Pandemic lockdowns to impact IHH’s inpatient occupancy, earnings

The spiking Covid-19 cases in IHH’s 4 key markets have led to tighter lockdown rules and lower occupancy rates


IHH Healthcare Bhd’s patient occupancy rate and earnings could only recover meaningfully in the financial year 2022 (FY22) due to lockdown measures implemented in its key markets following growing Covid-19 cases.

Hong Leong Investment Bank Bhd (HLIB) analyst Gan Huan Wen said the spiking of Covid-19 cases in IHH’s four key markets — Singapore, Malaysia, India and Turkey — have led to tighter lockdown rules and lower occupancy rates.

“We examine IHH’s key markets namely Singapore, Malaysia, India and Turkey, and note that new daily Covid-19 cases in all the countries except Singapore, have been surging rapidly resulting in governments implementing some form of lockdown measures within the last two weeks.

“With lockdowns being implemented, we expect the movement of people to be limited and, hence, result in lower inpatient occupancy rates, particularly in the second quarter of 2021 (2Q21),” he stated in a research note yesterday.

Gan noted that inpatient occupancy rates in all four territories bottomed in 2Q20 at the height of lockdown restrictions.

A sluggish vaccination rate means herd immunity will not likely be reached in 2021 in most key markets except Singapore. While some countries intend to accelerate the pace of vaccinations, it would be a tall order given current inoculation rates.

For example, Malaysia, he wrote, would need to increase its vaccination rate by three times to 125,000 per day to reach the herd immunity target by end-2021.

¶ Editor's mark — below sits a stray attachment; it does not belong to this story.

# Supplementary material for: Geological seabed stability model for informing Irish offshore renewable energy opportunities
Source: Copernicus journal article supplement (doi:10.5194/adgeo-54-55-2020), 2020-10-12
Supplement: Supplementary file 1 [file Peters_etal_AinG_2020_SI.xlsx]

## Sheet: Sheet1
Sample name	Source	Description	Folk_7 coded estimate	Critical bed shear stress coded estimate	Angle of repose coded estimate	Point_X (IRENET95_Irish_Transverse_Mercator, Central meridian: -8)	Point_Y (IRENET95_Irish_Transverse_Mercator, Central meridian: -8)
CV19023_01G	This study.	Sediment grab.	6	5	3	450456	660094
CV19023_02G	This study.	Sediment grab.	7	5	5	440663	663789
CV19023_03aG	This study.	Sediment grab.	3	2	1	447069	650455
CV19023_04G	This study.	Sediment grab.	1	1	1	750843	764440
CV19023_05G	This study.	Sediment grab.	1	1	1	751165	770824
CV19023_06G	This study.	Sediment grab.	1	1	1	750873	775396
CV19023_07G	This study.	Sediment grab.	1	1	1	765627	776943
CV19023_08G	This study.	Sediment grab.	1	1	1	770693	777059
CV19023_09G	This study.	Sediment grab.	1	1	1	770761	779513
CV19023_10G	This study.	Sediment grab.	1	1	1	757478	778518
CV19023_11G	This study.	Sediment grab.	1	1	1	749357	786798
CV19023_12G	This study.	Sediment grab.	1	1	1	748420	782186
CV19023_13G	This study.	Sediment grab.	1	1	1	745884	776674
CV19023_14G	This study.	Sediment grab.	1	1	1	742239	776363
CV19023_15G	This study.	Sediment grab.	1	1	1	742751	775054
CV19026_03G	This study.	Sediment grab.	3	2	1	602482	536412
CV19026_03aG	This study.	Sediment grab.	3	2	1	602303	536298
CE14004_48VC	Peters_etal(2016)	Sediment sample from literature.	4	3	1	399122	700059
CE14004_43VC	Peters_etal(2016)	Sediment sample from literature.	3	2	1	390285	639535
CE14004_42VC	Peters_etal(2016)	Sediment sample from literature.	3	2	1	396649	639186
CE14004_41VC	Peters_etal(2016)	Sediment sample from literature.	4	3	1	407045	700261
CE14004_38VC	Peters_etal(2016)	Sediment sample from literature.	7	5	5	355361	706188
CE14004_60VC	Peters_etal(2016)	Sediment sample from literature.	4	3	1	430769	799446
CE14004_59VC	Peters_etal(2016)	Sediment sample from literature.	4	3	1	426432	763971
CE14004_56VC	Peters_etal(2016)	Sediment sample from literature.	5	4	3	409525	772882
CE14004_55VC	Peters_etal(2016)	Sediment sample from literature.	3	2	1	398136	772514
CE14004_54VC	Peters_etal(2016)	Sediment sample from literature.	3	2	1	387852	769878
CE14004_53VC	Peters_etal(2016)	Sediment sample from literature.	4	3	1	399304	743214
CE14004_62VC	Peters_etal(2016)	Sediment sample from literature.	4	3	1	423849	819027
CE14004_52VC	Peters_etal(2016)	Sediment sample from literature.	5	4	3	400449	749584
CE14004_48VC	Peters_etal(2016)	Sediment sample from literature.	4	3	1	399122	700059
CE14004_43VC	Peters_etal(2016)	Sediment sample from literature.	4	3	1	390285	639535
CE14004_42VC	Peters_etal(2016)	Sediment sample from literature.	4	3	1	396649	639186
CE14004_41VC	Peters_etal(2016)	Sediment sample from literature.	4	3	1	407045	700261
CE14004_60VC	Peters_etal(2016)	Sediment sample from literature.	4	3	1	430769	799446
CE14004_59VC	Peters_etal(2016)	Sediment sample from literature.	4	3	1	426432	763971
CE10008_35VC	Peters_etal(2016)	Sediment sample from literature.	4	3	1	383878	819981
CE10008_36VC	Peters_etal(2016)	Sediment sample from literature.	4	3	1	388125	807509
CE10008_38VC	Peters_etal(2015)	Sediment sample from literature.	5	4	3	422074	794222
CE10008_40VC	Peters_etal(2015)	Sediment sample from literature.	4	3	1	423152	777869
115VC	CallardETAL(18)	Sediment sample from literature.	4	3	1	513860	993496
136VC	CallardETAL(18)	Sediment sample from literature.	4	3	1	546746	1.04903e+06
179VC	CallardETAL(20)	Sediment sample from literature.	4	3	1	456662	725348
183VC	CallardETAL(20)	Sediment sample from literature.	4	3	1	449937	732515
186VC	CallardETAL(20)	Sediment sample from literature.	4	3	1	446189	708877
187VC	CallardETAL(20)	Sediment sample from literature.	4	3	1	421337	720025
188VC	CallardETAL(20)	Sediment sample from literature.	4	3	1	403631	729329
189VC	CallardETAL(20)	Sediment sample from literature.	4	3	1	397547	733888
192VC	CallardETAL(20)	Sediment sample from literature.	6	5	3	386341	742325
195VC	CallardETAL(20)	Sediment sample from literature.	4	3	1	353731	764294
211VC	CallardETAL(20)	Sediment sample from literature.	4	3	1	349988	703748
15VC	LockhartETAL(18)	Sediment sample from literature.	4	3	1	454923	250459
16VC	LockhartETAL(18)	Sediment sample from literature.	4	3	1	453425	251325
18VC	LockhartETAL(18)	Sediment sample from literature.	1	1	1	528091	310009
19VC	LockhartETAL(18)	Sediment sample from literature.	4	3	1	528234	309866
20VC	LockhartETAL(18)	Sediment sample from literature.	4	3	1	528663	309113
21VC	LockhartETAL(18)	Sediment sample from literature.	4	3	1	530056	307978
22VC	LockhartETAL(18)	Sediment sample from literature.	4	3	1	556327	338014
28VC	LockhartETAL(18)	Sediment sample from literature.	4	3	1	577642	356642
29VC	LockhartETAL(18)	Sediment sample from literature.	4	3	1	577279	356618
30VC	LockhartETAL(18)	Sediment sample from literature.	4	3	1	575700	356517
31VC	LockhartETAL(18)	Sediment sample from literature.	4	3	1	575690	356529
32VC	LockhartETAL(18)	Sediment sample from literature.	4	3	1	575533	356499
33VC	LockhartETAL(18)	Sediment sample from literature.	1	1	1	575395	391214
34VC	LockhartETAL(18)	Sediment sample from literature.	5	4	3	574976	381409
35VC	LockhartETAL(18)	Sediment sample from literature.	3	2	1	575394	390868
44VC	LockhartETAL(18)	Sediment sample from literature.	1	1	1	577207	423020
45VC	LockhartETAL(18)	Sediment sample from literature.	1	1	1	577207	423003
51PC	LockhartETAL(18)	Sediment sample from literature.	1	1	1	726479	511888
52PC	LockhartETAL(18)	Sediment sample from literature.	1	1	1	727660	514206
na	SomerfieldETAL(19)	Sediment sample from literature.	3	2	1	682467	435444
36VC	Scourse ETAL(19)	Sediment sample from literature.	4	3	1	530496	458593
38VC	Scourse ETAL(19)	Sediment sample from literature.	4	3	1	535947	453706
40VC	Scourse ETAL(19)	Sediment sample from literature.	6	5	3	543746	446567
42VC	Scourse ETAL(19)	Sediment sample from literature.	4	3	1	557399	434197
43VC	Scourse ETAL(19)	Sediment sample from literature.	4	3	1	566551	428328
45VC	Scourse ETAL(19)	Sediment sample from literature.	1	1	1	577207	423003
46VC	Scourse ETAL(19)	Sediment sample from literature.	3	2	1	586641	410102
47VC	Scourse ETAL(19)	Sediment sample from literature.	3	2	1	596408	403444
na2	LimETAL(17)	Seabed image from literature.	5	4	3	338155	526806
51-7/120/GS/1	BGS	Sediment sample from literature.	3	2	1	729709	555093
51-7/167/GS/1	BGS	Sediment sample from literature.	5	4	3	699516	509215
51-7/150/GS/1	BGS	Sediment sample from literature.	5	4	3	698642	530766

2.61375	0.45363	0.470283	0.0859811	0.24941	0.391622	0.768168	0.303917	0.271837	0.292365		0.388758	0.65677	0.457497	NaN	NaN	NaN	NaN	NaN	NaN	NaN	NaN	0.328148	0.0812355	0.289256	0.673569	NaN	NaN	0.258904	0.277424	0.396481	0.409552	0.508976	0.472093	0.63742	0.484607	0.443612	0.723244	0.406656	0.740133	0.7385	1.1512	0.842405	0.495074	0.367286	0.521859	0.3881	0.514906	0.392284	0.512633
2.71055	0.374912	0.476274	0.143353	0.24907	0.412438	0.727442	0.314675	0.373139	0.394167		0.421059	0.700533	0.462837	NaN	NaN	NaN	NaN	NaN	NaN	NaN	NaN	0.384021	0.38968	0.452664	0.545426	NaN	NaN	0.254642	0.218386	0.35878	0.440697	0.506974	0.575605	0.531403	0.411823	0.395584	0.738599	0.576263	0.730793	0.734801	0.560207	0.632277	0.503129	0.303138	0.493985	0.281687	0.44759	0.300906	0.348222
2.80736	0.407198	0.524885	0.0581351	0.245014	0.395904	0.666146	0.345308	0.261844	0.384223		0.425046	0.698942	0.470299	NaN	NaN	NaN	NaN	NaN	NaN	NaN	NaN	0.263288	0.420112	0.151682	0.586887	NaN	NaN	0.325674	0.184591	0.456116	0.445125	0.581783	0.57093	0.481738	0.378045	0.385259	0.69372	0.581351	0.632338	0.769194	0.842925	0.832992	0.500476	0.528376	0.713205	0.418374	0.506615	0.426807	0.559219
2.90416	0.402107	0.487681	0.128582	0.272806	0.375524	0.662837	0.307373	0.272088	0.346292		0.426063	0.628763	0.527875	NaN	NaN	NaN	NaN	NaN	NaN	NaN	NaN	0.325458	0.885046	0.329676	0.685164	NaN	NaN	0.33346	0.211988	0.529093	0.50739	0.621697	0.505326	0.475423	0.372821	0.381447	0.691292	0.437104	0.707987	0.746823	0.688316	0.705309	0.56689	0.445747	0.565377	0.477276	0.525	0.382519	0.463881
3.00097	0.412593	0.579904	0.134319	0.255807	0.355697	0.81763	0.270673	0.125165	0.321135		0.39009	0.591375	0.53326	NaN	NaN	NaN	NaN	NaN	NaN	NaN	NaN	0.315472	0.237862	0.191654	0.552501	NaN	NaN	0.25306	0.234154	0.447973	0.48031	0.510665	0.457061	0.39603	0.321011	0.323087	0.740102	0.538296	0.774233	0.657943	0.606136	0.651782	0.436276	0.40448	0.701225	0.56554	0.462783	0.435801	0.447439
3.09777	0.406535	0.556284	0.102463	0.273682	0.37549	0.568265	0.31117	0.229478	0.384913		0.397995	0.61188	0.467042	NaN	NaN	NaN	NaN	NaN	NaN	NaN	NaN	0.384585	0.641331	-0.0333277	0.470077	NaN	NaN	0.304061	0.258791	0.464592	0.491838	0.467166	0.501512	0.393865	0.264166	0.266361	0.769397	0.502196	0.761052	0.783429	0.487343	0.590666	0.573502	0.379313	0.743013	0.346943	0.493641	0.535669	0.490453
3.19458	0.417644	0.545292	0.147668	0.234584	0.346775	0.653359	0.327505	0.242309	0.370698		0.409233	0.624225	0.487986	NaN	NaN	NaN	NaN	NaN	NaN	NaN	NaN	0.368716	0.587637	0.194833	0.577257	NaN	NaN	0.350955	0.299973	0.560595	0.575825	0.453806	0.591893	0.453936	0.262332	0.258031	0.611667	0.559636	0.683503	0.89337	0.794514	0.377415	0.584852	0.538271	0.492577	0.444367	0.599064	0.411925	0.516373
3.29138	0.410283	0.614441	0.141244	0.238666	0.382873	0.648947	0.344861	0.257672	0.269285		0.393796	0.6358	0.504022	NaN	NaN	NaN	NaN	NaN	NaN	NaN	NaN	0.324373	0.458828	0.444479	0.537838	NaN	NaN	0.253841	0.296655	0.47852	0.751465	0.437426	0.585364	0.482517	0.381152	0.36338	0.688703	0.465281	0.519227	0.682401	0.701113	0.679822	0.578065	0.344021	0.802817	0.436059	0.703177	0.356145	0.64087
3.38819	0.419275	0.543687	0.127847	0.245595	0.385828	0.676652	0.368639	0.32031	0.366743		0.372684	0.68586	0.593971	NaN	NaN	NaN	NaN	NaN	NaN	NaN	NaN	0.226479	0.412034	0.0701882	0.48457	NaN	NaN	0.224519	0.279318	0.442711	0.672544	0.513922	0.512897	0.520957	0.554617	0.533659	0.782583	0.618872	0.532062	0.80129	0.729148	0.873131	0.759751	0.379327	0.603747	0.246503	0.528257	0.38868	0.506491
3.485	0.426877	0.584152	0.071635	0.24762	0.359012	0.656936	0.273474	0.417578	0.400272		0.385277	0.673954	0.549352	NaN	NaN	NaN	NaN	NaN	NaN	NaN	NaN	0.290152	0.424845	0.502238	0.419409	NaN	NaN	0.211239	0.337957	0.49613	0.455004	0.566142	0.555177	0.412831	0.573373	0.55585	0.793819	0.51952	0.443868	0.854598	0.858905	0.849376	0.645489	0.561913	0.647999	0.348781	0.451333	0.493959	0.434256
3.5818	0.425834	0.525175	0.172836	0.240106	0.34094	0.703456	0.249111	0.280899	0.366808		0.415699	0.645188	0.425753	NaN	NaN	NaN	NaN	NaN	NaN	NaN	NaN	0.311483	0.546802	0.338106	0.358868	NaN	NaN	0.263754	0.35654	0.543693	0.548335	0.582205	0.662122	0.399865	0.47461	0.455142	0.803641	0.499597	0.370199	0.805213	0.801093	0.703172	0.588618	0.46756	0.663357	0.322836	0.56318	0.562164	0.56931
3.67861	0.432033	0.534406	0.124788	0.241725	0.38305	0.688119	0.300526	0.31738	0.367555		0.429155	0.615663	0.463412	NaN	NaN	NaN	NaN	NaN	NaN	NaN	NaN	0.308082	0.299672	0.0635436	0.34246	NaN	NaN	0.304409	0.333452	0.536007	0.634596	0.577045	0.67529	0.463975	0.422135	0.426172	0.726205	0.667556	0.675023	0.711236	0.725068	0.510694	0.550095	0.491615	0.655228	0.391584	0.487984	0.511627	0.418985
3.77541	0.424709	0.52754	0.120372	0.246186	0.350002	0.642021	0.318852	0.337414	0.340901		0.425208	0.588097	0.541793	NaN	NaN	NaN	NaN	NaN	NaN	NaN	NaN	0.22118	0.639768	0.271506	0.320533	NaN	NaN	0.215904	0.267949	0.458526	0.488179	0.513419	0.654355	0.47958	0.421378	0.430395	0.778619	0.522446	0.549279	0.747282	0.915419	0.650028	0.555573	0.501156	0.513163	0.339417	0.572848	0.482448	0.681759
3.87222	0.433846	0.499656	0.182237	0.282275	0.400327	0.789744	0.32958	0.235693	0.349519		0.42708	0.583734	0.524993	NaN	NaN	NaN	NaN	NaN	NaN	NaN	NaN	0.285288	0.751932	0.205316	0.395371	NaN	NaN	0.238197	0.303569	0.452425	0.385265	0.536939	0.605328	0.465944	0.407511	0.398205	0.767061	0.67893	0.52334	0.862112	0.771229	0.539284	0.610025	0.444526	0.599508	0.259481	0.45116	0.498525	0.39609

“With key markets like Malaysia, India and Turkey unlikely to reach herd immunity in FY21, we expect them to continue to undergo a series of rotations between tightening and loosening of lockdown rules until herd immunity can be reached.

“As such, with the movement of people expected to be limited by various lockdowns, we expect inpatient occupancy rates in IHH’s hospitals to continue to be sluggish, at least until end-FY21,” he said.

HLIB also does not rule out the possibility of Japan’s Mitsui & Co Ltd, the substantial shareholder of IHH, attempting to take IHH private.

A recent Bloomberg article stated that Mitsui and some private equity firms could be exploring a deal to take IHH private by approaching Khazanah Nasional Bhd to buy over the latter’s stake in the hospital operator.

Mitsui now holds 32.9% of IHH shares, while Khazanah’s shareholding stands at 26%.

Khazanah MD Datuk Shahril Ridza Ridzuan has dismissed talk of the country’s sovereign wealth fund selling its stake in a recent media report.

Regardless, HLIB noted that Mitsui’s current stakeholding is just 0.1% shy of the 33% threshold which would compel Mitsui to make a mandatory offer according to the Securities Commission Malaysia guidelines.

As such, HLIB believes Mitsui could decide to purchase the additional shares in the open market to trigger a mandatory offer.

HLIB has lowered its earnings forecast on IHH’s FY21 by 6%, but increased its FY22 forecast by 24.5% to account for a recovery in IHH’s inpatient occupancy rate and pent-up demand as patients undergo delayed treatments.

HLIB maintained its ‘Hold’ call on IHH with a higher target price of RM5.62 from RM5.42.

IHH shares ended 0.6% or three sen higher at RM5.35 yesterday, valuing the company at RM46.9 billion.